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Emory experts confirmed by U.S. Senate for Civil Rights Cold Case Records Review Board
Gabrielle Dudley and Hank Klibanoff

Gabrielle Dudley (left) and Hank Klibanoff are two of the first members of the Civil Rights Cold Case Records Review Board, which will examine government records of unpunished, racially motivated murders of Black Americans from 1940 to 1980.

On Feb. 17, Emory University professor Henry “Hank” Klibanoff and Gabrielle Dudley, instruction archivist in Emory’s Stuart A. Rose Manuscript, Archives, and Rare Book Library, were confirmed by the United States Senate to serve on the Civil Rights Cold Case Records Review Board.

Dudley and Klibanoff were nominated by President Joseph R. Biden in June 2021. They testified before the Senate Homeland Security and Governmental Affairs Committee regarding their nominations in January. As members of the review board, they will examine government records of unpunished, racially motivated murders of Black Americans from 1940 to 1980.

“[This confirmation] validates the importance of transparency and access to government-held records, which is something that has enormous meaning to me as a journalist,” Klibanoff says. “In my view, success comes when people finally get the evidence and the truth of their own family’s history. If you put enough families together, you develop a regional history and from there a national history. We may find evidence that leads us to a different sort of history that is closer to the truth.”

The creation of the board is the result of the Civil Rights Cold Case Records Collection Act of 2018, which was sponsored by then-Sen. Doug Jones of Alabama and signed into law in 2019 by President Donald J. Trump. The purpose of the act is “to provide for the expeditious disclosure of records related to civil rights cold cases, and for other purposes.” This includes the digitization and transmission of records into the National Archives once they have been examined by the review board. The experts will look at cold case information from federal agencies to determine which cases can be released and which ones need further scrutiny.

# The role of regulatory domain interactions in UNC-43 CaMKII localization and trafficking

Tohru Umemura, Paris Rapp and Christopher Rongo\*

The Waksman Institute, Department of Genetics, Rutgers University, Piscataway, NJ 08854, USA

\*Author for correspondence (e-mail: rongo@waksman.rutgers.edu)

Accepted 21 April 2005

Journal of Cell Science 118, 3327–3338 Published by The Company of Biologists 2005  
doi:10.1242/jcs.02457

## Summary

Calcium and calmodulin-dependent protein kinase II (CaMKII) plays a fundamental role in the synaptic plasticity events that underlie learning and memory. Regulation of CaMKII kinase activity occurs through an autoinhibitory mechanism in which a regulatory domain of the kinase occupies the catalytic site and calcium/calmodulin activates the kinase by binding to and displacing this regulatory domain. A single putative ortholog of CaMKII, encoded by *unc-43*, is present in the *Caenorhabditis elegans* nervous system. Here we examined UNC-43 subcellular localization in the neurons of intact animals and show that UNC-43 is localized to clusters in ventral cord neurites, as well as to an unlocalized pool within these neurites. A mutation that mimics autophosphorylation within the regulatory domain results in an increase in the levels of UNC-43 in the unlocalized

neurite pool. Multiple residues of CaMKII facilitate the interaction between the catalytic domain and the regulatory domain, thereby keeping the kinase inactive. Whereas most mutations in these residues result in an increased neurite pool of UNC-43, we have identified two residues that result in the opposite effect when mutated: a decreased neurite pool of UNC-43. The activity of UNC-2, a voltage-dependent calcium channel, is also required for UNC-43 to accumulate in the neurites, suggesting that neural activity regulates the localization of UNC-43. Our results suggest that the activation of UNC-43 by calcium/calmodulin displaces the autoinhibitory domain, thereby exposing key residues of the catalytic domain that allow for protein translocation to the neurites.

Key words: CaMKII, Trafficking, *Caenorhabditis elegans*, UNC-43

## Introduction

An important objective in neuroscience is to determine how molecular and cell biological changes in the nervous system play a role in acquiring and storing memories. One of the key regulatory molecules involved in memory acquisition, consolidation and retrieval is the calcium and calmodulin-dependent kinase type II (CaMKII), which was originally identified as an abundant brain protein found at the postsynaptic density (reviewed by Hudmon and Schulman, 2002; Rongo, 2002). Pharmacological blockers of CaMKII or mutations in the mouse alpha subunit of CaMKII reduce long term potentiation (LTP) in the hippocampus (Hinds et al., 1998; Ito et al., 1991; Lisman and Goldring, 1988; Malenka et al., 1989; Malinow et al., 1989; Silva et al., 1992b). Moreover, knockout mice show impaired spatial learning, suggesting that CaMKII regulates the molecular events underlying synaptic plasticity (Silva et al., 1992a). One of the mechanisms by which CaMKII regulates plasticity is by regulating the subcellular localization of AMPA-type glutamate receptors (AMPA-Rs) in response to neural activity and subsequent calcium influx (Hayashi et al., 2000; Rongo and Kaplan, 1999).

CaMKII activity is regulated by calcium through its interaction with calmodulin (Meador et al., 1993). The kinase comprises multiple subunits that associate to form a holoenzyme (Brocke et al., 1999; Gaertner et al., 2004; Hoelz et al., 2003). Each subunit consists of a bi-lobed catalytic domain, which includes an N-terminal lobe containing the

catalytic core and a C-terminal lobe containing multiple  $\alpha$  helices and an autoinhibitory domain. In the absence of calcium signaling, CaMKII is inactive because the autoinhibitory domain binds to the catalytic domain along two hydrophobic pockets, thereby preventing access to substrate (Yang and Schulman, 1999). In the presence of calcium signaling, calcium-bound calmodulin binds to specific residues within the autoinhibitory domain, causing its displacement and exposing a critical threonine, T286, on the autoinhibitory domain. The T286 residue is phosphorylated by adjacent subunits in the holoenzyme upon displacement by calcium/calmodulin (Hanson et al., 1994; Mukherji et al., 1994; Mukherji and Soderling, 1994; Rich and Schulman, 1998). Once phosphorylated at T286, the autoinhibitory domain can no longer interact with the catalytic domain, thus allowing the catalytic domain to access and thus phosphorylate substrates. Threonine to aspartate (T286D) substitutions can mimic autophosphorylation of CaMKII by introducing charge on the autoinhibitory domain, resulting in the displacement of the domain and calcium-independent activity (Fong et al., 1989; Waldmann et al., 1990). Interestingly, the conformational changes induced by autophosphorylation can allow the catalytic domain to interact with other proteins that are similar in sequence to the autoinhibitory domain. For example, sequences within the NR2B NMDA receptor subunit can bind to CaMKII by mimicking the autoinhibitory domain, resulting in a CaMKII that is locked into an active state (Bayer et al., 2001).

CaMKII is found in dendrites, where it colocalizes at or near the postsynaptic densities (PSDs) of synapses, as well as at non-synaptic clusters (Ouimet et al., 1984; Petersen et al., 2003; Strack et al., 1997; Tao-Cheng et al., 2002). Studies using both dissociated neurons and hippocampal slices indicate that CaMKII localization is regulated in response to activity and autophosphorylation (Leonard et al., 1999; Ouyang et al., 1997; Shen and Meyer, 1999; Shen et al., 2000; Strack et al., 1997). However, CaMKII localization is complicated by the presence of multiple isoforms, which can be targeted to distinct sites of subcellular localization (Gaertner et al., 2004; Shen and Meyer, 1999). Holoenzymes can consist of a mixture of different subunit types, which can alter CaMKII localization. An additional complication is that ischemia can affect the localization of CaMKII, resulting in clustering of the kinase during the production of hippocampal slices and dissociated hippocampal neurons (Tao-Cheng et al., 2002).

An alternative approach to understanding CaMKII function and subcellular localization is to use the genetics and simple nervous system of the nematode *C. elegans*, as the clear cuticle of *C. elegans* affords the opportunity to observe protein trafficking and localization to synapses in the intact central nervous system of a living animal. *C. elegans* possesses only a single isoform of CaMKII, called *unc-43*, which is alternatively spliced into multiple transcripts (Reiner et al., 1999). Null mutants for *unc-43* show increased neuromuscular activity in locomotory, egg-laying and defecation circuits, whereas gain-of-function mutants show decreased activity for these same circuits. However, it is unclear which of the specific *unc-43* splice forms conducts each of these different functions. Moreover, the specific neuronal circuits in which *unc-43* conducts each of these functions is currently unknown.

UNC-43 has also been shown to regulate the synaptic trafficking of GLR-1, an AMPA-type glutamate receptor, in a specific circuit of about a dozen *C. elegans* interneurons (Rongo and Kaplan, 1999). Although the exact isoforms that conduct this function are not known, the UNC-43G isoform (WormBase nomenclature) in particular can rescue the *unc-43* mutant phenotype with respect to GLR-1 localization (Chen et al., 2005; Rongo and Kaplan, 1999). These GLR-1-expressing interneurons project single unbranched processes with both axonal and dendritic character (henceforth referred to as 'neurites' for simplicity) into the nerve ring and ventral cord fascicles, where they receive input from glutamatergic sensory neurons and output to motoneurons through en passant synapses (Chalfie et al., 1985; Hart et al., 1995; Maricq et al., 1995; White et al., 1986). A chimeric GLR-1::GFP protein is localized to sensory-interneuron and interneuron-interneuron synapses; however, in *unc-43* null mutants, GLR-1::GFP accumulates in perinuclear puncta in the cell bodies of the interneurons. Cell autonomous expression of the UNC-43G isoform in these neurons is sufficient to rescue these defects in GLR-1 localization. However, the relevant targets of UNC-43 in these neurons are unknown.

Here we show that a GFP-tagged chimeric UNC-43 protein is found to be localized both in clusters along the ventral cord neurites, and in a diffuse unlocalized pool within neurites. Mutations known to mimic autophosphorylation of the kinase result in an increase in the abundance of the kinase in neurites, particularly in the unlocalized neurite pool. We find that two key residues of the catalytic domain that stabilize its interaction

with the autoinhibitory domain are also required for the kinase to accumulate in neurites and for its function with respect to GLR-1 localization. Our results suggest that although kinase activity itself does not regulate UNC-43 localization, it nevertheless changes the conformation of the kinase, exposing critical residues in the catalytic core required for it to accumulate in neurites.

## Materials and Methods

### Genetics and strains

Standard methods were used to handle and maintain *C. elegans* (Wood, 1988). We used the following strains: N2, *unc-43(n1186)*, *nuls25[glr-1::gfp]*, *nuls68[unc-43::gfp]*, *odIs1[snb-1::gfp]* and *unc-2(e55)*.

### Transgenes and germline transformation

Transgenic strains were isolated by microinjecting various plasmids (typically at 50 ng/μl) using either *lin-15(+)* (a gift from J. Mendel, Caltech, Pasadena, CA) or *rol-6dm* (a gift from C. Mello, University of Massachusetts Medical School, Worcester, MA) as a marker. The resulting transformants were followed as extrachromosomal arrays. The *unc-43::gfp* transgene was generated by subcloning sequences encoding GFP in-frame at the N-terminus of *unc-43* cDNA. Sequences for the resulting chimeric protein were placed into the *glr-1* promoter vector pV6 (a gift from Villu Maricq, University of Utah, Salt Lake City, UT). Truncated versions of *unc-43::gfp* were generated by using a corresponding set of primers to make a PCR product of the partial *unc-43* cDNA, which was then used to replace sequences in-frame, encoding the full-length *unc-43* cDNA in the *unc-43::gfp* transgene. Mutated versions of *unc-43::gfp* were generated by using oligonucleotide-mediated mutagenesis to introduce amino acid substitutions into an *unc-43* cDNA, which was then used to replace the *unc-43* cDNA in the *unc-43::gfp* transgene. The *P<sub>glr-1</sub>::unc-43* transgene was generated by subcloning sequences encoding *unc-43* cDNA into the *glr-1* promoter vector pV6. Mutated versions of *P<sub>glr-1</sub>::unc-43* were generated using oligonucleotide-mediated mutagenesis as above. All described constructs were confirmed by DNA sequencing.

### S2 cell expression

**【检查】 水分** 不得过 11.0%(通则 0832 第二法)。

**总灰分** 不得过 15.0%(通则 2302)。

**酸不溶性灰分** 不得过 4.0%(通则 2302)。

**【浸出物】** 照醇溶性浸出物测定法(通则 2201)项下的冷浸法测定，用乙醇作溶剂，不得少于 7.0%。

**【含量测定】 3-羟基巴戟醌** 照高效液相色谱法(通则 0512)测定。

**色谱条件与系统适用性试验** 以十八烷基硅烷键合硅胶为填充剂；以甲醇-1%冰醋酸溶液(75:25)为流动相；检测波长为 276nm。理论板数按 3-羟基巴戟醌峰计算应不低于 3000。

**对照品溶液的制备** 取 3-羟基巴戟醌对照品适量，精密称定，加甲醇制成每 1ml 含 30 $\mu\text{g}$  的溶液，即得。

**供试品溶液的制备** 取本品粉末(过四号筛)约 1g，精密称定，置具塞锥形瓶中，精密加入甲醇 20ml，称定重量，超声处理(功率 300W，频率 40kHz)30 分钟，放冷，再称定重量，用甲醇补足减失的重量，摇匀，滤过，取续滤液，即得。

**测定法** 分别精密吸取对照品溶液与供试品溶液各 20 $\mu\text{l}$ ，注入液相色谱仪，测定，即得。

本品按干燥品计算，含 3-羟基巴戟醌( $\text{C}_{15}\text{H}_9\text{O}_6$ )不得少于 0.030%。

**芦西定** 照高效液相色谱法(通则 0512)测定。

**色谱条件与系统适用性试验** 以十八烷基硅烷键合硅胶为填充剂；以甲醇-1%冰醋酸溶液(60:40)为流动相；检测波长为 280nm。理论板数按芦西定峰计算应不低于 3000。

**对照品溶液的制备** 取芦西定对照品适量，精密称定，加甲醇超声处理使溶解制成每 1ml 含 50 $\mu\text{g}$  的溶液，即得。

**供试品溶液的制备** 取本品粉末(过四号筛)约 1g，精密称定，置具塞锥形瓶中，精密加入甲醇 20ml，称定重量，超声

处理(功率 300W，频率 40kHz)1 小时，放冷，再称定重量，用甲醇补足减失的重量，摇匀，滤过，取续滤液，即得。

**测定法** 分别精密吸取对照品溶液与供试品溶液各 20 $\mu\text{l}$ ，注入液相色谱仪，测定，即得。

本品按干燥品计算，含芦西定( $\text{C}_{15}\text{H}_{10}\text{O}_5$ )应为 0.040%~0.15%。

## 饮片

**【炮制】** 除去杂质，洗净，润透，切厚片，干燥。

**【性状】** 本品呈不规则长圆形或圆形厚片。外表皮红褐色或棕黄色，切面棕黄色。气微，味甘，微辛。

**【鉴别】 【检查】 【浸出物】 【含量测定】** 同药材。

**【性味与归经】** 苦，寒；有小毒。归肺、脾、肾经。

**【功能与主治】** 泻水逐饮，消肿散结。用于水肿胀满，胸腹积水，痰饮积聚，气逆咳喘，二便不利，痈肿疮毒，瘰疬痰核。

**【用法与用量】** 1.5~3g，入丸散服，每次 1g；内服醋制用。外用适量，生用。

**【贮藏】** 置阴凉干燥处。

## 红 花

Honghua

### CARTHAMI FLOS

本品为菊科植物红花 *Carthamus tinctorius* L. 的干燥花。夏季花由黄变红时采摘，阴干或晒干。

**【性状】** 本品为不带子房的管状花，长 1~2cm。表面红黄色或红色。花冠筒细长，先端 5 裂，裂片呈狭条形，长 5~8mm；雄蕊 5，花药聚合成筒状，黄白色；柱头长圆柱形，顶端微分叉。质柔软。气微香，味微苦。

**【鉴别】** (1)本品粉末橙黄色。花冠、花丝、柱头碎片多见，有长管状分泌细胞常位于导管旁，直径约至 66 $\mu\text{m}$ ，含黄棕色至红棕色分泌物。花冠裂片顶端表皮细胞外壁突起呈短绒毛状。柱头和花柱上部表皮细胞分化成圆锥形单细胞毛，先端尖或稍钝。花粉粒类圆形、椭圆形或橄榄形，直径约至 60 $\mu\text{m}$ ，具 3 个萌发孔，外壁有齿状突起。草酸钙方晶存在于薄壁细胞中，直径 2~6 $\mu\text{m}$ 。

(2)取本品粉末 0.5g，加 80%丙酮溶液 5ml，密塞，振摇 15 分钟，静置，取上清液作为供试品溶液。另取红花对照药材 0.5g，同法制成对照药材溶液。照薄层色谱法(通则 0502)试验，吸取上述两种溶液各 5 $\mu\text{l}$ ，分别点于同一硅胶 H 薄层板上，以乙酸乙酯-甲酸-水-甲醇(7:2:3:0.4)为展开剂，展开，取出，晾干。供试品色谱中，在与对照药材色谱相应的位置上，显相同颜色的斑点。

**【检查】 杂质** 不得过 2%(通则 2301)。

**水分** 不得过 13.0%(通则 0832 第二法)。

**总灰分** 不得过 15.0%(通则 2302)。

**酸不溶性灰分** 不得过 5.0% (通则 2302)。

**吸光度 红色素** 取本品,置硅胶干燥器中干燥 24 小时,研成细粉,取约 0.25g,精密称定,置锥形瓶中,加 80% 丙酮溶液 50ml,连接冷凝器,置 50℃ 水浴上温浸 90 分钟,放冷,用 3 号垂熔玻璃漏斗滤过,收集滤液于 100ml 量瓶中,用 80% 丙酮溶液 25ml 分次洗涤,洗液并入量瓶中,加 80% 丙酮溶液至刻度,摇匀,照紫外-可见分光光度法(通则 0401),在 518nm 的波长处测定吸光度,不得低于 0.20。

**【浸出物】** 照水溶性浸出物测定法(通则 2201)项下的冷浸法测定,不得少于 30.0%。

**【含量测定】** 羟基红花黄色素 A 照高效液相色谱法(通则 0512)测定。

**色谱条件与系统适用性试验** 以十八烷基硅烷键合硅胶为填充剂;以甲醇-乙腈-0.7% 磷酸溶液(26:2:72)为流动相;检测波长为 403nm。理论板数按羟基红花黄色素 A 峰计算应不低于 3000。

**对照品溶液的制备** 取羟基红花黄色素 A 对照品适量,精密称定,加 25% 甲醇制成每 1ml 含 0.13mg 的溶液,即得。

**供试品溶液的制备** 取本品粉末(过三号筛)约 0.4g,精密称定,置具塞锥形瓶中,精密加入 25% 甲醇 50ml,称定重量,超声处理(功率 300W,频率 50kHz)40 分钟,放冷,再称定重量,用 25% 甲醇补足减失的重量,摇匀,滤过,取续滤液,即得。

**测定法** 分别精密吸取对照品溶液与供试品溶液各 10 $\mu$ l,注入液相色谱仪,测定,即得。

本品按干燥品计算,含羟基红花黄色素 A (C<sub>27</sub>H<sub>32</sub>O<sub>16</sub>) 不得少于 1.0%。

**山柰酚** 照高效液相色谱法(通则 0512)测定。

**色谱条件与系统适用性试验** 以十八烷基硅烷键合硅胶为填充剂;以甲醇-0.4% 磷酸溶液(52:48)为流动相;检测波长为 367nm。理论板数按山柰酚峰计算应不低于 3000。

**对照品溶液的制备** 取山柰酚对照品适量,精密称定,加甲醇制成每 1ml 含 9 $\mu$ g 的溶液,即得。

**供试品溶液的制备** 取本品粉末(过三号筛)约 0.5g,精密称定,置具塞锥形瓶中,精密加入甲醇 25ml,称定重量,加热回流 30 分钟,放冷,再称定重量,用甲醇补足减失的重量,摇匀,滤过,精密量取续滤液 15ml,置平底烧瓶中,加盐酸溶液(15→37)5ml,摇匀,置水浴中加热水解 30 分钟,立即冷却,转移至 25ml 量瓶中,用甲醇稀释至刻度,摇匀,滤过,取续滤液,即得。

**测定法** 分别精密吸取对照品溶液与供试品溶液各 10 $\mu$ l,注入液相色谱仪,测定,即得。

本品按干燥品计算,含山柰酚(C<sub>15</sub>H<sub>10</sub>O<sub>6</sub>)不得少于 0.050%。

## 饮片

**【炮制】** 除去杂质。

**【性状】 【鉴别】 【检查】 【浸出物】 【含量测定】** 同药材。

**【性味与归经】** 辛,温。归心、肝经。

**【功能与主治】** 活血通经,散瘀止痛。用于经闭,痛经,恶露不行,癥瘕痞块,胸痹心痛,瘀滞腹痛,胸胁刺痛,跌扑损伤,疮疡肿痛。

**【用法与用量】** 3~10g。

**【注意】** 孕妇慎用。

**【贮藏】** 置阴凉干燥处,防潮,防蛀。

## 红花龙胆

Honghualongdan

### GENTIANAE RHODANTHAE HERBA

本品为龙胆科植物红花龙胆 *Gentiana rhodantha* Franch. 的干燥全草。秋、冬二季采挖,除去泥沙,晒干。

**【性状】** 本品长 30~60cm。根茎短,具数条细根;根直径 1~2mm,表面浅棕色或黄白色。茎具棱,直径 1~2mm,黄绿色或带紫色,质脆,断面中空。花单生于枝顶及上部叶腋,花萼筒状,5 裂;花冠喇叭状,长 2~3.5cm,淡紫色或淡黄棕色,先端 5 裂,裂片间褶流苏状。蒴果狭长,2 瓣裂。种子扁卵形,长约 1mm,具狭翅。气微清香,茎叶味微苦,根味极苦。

Both Dudley and Klibanoff have extensive experience in this area.

In addition to working with faculty to design undergraduate and graduate courses and assignments, Dudley is a founding member of the Atlanta Black Archives Alliance. She has been working with civil rights collections for more than a decade. In her testimony, she spoke about the personal and educational impact of releasing cold case records.

“As an Alabamian and Black daughter of the South, I grew up with the constant reminders of the struggles of the Civil Rights era and knowledge that unsolved cases existed,” Dudley said in her testimony before the Senate. “I recognize the cultural value of these records and realize how access to them can spark both transformation and change.”

Klibanoff is the director and teacher of the Georgia Civil Rights Cold Cases Project at Emory and is also a professor of practice in the creative writing department. He is the creator and host of the “Buried Truths podcast, produced by WABE, where he and Emory undergraduates delve into unresolved and unpunished racially motivated killings; it has been honored with Peabody, Robert F. Kennedy and Edward R. Murrow awards. In 2007, he and co-author Gene Roberts won a Pulitzer Prize in history for “The Race Beat: The Press, the Civil Rights Struggle, and the Awakening of a Nation” (Knopf).

During his Senate testimony, Klibanoff explained that though many of the perpetrators in these killings are deceased, the release of the records will still have a positive impact.

“We may well see racial peacemaking among families of perpetrators and families of victims,” Klibanoff said. “I have seen with my own eyes and heart the extraordinary good that can come when families of those who are killed sit down with a couple of hundred pages of government records and unlock decades of mysteries, myths and misunderstandings.”

Dudley and Klibanoff are among the first members confirmed for the review board. Other members confirmed Feb. 17 include Brenda Stevenson, professor and chair of the history department at the University of Southern California, Los Angeles, and Massachusetts-based civil rights lawyer Margaret Burnham. View the four nominees’ testimonies.

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